Joint Committee on The Draft Communications Bill Minutes of Evidence


Memorandum submitted by Public Voice

  1.  Public Voice is a voluntary sector network established to support, defend and protect public service broadcasting in all its forms, now, and in the future. It represents the interests of voluntary and community organisations, the causes they serve and their constituents. Public Voice campaigns to ensure that communications reform is led by public interest objectives such as plurality of voice, impartiality and objectivity in news, diversity and quality of content, right across the market.

  2.  The Public Voice steering committee is made up of a number of agencies with particular expertise in the voluntary and media sectors (Broadcasting Support Services, Campaign for Quality Television, Community Media Association, the Media Trust, Third World and Environment Broadcasting Project [3WE], and the Voice of the Listener and Viewer). In the two years since its founding, Public Voice has built up an impressive list of supporters from the voluntary and community sector. Our current supporters and members include: NCVO, The Kings Fund, World Wildlife Fund, RSPB, NIACE, CAFOD, Age Concern England, Childline, the Dyslexia Institute, RNIB, RNID, Oxfam, CSV Media and the British Deaf Association.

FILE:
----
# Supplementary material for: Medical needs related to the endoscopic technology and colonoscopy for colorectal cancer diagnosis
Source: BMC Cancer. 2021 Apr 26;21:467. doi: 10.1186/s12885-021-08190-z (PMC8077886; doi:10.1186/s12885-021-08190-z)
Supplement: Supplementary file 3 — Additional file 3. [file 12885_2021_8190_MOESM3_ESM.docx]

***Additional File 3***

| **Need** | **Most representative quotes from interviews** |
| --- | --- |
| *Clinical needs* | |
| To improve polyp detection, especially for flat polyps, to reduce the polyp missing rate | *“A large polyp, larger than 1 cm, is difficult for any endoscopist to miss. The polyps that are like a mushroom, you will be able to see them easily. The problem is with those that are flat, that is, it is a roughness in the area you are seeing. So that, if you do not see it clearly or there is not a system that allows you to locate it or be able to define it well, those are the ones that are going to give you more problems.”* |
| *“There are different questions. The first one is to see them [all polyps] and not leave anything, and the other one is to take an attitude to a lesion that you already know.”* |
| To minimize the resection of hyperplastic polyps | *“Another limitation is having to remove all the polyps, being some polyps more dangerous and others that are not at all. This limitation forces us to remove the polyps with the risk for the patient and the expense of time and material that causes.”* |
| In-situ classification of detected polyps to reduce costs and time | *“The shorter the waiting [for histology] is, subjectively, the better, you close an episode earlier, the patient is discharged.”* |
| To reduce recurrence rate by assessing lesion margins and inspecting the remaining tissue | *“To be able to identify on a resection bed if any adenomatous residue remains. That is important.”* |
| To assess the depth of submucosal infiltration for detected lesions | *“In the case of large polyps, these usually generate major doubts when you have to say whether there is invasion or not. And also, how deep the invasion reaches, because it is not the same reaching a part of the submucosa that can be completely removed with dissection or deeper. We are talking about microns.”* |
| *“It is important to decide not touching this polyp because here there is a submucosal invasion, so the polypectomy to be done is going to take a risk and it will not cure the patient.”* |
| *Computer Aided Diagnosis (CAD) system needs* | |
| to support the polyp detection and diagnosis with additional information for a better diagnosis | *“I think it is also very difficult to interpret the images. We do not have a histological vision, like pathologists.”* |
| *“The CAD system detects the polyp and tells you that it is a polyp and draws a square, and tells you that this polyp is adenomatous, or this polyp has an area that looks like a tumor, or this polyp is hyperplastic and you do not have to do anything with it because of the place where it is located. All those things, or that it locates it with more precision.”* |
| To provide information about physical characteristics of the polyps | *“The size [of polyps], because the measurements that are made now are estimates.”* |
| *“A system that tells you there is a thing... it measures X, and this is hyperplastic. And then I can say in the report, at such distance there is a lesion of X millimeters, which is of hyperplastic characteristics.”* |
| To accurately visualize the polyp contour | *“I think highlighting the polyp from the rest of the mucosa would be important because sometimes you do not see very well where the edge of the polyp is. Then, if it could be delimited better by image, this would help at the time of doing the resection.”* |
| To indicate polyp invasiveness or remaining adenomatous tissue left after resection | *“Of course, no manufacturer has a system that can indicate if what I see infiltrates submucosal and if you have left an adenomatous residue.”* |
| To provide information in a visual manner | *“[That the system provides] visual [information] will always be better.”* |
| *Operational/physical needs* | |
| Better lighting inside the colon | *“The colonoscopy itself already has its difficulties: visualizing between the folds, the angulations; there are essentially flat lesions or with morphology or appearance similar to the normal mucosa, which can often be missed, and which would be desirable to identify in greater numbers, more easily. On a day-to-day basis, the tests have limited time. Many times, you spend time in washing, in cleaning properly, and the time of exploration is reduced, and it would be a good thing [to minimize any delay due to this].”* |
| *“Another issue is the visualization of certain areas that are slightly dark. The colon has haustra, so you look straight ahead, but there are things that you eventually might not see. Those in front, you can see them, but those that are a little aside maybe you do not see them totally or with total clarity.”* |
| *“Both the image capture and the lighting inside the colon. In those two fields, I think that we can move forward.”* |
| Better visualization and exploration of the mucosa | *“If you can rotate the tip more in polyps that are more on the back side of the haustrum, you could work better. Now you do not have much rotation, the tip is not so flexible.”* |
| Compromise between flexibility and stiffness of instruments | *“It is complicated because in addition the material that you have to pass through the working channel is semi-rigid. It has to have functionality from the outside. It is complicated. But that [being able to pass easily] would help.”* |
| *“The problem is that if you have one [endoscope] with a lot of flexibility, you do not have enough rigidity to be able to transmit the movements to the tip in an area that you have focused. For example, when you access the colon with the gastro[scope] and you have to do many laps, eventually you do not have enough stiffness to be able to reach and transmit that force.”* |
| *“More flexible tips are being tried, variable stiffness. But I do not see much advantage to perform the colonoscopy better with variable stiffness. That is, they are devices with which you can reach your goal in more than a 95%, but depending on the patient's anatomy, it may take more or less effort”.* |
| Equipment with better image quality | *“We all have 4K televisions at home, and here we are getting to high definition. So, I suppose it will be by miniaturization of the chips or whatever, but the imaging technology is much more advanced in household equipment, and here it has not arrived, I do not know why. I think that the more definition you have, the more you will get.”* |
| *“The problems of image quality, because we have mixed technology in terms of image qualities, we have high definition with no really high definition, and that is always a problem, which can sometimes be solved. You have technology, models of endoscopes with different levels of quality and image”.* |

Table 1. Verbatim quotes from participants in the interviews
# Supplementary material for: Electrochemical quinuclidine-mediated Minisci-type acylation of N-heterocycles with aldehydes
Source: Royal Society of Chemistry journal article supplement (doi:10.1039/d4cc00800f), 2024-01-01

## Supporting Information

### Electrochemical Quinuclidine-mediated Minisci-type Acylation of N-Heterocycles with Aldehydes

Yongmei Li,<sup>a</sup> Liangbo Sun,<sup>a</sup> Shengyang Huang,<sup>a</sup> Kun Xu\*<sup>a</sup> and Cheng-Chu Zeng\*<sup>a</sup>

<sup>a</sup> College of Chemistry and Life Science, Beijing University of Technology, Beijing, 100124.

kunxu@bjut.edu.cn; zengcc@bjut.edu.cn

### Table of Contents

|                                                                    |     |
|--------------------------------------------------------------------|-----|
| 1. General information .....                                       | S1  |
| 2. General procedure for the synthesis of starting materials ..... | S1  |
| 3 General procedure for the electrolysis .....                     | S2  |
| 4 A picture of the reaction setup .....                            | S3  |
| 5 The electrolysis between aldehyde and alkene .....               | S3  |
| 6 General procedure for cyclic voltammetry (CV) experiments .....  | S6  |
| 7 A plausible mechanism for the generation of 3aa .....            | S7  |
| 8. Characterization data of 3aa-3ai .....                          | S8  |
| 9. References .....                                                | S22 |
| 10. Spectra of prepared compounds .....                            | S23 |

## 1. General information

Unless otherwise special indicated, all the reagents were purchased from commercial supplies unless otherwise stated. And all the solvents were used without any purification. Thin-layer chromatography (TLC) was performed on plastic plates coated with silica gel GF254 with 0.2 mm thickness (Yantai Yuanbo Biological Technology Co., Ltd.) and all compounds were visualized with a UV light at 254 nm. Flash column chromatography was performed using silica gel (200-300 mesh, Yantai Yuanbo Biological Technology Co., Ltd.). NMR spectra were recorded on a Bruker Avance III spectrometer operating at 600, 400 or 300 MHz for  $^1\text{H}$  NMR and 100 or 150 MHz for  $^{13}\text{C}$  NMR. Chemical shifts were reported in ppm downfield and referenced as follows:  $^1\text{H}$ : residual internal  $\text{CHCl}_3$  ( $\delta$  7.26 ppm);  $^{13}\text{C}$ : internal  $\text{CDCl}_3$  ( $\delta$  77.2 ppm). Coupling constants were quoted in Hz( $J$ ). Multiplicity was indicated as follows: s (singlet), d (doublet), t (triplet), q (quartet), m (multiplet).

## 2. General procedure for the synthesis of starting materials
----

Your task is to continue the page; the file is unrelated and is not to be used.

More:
3.  Public Voice has commented in detail on a number of recent policy proposals and consultation documents including: the Government's White Paper on Communications Reform; Professor Cave's Radio Management Spectrum Review; the BBC's proposals for new digital services; ITC consultations on restrictive service licenses and on cross promotion; the Government's draft digital action plan; the Towers Perrin scoping report on OFCOM; the Culture Media and Sport Select Committee's inquiry into communications reform; and the Government's consultations on media ownership and spectrum allocation. We are also represented on the stakeholder and market preparation groups established as part of the Government's digital action plan programme.